Published 1 August, 2016.
Legislation: Who exactly is taking back control?
Stephen Weatherill, Jacques Delors Professor of European Law and Fellow, Somerville College.
Once a deal is done (if a deal is done) with the EU on the basic shape of withdrawal, it would be perfectly straightforward to repeal the European Communities Act 1972 and other associated statutes which form the ‘bridge’ across which EU law travels to reach the UK’s legal order, but at the same time to introduce legislation providing that all measures that have been made over time pursuant to the obligations imposed by EU membership shall continue in force in the UK notwithstanding the UK’s departure from the EU. There would be no change of substance at all – all that would have changed would have been the authority under which and the purpose for which the measures are made. And the practical point would be that it could be considered at leisure and over time which of these measures should be retained, which changed and which abrogated. There is no rush. There would no longer be an EU standing behind the measures, precluding the UK making its choices. This, in the rather rare fastidious moments when they were not issuing confetti promises of milk and honey, is what those campaigning for the UK to Leave the EU meant by ‘Vote Leave – Take Back Control’: the freedom to decide which laws should apply in the UK without any reference to the expectations of the EU.
Up to a point, this is perfectly correct. Labour market regulation, consumer protection, environmental law, the grant of aid to industry, competition law, external trade policy...these are all areas (and there are many more) where there is a partial or in some instances total overlay of EU rules. Withdraw from the EU, and a State may make its own choices about such matters.
But this is far from the full story.
The EU is a means to manage interdependence among the States of Europe. It is built on rules that prevent States causing harm to each other. So, for example, rules that protect cross-border trading freedom are designed to combat protectionism. States have surrendered the right to regulate their market without taking into account the interests of others – and they have done so precisely because they know that all the EU’s Member States have locked themselves into the same set of credible and enforceable commitments. And, in more positive vein, the EU serves as an institutionally sophisticated arena within which States can try and find solutions to problems which they face in common and which they can better solve by acting in common rather than unilaterally – climate change, migration, security, economic reform, and so on.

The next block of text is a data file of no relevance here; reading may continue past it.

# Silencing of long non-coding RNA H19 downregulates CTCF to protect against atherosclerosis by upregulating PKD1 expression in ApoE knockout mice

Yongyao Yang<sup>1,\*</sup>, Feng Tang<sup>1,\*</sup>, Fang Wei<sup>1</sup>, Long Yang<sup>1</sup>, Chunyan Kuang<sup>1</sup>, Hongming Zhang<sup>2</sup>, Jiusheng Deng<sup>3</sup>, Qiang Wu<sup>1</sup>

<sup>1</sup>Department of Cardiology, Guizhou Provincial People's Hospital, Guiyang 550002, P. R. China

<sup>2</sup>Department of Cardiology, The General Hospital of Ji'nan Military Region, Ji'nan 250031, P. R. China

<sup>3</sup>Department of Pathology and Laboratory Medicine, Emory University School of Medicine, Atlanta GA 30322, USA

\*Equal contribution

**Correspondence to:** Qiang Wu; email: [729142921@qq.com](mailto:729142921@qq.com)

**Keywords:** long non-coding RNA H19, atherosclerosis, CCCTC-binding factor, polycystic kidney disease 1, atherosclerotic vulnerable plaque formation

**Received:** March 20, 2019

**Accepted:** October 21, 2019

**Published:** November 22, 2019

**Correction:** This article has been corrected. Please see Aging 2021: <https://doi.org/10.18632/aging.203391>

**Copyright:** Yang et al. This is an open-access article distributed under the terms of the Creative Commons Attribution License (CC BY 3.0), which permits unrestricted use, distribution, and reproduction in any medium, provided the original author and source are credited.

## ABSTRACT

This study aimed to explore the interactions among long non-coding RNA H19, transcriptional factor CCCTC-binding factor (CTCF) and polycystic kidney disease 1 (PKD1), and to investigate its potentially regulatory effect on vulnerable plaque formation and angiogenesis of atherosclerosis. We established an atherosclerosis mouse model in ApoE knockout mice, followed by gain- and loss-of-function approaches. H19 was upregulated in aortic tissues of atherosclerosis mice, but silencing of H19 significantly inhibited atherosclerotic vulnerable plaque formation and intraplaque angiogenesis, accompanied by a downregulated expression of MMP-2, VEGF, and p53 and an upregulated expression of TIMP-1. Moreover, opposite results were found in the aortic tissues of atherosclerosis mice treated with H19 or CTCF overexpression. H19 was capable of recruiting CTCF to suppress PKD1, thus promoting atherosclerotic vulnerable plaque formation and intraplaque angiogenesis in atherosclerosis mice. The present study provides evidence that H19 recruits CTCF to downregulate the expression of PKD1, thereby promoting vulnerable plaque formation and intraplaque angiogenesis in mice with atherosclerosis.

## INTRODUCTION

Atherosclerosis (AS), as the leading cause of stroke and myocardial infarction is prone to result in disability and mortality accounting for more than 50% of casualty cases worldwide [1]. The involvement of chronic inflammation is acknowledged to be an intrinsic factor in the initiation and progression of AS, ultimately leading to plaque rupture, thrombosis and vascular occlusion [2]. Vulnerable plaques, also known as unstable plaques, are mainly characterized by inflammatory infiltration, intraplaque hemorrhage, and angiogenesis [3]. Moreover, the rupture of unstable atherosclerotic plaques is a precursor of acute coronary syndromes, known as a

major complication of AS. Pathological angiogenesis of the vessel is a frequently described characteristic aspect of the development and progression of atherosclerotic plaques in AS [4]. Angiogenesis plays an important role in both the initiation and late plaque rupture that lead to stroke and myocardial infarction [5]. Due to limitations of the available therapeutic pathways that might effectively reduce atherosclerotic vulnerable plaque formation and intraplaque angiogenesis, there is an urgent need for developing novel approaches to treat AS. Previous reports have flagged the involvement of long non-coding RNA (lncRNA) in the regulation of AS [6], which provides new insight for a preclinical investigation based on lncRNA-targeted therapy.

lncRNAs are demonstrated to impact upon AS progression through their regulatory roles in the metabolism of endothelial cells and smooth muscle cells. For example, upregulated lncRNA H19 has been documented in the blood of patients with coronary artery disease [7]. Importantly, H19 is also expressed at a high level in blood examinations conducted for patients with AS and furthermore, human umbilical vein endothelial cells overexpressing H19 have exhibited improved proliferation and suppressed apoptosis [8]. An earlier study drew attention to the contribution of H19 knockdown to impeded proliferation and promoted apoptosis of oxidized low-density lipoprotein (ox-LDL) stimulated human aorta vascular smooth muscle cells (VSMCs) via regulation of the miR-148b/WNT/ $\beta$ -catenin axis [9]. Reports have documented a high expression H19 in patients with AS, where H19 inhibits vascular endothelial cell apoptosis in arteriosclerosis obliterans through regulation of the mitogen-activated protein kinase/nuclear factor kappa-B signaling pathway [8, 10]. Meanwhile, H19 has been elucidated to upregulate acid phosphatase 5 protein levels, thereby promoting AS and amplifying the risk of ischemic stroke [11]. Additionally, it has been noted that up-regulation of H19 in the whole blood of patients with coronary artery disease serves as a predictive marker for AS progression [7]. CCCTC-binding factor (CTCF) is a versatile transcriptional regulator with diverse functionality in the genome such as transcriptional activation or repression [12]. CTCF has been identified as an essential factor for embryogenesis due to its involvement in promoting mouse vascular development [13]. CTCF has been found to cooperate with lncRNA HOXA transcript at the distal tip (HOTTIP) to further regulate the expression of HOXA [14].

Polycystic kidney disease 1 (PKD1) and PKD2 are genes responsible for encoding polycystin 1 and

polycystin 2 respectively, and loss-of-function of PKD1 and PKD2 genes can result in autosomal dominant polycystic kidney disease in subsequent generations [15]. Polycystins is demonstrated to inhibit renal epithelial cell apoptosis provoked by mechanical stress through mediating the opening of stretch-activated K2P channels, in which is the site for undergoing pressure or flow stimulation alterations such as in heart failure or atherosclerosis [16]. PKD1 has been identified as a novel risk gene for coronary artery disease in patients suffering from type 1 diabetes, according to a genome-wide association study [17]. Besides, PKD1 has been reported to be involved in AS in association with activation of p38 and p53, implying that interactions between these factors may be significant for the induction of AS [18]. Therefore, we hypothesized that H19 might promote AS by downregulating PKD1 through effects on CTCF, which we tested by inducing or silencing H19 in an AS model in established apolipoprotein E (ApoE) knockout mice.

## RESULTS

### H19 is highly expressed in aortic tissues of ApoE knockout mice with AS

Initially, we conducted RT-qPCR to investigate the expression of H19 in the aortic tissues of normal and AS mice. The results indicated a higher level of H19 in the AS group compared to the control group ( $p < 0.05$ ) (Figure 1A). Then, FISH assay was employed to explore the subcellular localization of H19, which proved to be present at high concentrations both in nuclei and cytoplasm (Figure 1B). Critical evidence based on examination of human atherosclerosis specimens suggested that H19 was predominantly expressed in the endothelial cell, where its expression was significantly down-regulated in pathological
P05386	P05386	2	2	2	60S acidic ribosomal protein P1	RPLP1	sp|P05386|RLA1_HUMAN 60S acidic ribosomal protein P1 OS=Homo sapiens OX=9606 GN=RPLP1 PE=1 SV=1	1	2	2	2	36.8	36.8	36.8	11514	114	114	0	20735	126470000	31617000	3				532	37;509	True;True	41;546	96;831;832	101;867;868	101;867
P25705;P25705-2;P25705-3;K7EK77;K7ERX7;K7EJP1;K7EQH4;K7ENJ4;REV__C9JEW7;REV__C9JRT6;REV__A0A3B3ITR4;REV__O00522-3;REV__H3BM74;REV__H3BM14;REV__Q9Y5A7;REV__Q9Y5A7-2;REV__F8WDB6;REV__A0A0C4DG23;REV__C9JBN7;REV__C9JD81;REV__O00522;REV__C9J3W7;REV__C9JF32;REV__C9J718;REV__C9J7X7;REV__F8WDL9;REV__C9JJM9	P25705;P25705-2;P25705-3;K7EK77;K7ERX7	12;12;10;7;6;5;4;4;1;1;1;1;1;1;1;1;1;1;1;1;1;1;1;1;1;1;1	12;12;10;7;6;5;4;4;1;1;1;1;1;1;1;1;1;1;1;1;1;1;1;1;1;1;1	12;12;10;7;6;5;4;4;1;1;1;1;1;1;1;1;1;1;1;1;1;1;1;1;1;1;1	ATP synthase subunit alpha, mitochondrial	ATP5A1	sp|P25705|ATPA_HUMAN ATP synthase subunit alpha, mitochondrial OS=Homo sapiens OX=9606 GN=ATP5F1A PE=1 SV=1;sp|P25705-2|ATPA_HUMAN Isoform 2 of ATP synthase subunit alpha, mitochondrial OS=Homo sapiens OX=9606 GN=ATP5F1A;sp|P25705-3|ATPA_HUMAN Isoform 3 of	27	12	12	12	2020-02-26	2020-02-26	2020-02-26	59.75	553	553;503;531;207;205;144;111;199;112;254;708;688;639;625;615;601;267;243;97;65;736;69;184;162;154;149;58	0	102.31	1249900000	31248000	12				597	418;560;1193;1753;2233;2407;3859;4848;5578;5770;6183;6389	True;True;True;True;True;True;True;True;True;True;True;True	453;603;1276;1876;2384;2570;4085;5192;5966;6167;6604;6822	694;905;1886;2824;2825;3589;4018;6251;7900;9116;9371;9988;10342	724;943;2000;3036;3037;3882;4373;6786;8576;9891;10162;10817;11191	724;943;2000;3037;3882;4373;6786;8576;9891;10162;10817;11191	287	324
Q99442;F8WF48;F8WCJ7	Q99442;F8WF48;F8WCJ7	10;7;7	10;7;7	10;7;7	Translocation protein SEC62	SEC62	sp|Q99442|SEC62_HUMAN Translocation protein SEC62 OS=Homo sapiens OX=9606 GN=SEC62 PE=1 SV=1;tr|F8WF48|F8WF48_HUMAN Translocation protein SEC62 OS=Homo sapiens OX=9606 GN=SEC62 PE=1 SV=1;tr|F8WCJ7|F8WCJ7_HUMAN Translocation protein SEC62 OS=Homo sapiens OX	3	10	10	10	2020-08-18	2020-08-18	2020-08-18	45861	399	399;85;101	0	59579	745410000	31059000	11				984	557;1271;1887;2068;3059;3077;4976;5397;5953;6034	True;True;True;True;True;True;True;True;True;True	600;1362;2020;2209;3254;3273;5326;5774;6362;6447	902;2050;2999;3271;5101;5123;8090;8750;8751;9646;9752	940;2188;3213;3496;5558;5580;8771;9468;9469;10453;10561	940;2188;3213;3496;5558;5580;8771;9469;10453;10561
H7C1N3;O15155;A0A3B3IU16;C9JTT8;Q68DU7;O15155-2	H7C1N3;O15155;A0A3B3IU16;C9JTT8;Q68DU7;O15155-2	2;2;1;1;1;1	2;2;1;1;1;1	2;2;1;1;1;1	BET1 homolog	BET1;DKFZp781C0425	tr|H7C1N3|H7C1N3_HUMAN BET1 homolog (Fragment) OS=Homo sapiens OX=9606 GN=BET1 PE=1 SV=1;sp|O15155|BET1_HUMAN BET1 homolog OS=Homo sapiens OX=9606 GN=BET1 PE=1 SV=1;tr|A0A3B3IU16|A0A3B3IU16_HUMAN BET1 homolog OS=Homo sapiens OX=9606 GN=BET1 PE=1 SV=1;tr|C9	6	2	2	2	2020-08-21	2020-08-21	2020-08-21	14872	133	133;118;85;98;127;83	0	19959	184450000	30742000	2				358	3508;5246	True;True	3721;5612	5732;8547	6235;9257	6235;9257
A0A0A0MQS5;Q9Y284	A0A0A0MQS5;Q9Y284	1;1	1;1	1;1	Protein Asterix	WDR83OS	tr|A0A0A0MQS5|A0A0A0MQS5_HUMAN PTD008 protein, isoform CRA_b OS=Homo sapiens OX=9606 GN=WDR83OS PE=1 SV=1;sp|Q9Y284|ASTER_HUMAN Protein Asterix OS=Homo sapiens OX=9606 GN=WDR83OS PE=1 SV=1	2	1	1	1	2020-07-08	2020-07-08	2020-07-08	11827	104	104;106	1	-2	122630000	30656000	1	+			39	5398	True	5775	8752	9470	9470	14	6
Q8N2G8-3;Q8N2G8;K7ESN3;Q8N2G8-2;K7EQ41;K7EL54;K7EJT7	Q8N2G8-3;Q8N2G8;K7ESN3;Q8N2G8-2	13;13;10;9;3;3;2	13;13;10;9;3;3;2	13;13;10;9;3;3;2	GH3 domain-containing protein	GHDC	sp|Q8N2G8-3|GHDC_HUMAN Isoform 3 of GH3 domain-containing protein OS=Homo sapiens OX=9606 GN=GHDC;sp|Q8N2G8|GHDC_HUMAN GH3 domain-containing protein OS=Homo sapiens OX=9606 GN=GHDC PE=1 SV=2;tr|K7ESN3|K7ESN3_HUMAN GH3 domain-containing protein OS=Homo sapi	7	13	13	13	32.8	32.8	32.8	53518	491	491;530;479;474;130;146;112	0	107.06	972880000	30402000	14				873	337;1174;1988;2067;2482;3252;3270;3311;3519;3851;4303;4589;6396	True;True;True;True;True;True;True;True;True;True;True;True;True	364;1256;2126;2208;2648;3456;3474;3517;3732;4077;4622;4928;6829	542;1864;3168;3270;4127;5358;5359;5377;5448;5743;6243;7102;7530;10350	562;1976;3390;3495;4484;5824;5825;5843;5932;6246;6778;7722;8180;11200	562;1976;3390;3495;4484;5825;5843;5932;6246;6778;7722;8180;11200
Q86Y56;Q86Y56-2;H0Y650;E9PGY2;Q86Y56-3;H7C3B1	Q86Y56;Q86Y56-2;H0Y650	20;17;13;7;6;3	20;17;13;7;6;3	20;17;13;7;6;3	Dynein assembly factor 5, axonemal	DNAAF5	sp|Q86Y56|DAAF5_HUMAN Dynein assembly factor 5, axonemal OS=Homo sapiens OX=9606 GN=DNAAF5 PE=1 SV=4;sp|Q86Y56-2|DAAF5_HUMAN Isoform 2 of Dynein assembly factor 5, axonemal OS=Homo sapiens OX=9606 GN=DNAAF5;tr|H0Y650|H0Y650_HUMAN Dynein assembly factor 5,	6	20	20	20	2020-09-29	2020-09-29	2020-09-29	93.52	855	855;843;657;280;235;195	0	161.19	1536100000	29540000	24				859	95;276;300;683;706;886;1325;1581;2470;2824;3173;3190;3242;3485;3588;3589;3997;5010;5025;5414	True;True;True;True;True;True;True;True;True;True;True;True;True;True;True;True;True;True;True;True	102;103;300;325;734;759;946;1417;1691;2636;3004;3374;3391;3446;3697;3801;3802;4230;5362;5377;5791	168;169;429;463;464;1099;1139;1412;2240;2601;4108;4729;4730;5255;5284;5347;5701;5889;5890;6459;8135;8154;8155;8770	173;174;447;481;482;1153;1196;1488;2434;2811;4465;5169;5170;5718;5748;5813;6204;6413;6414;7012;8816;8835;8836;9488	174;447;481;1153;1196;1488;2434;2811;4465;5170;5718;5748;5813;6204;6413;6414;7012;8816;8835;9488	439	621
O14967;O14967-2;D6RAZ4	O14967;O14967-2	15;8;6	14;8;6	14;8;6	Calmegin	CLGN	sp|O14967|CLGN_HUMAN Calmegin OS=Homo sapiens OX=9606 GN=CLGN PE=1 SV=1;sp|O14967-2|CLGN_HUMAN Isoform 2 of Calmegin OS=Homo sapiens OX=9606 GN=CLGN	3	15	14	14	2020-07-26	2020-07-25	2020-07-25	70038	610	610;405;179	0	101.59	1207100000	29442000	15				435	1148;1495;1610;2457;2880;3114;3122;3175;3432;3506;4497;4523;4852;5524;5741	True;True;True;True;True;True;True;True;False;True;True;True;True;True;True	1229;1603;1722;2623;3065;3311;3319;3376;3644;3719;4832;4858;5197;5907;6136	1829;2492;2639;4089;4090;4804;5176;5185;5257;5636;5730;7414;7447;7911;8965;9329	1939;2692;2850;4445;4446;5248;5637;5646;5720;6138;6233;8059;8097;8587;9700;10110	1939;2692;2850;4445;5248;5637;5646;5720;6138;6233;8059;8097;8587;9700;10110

Is leaving the EU a means to take back control? Not in these areas. In these areas leaving the EU is a means to surrender control. As a member of the EU, the UK (like every other Member State) is able to ensure that Germany keeps its financial services market open, that France doesn’t block imports of dairy products, that Spain doesn’t unfairly subsidise ailing steel manufacturers, and so on. As a member of the EU, the UK has a voice in shaping progressive environmental policies that, by virtue of their adoption by a bloc of more than 500 million people, are globally influential, direct participation in sharing information about criminals, a voice in promoting competitiveness, and so on.
Outside the EU, the UK is in a much weaker position. Passing laws in Westminster isn’t enough to address such problems. One might think this is a price worth paying. But it is a price – a big price – and one that was never properly addressed during the referendum campaign. Now, as the debate about what ‘Leave’ really means and should mean hots up, it is important that the full meaning of ‘Taking Back Control’ in a world that is interdependent and getting ever more interdependent is understood. Part of the ‘Leave’ story is about taking back control, but part of it is about losing it.
In short, it ain’t over.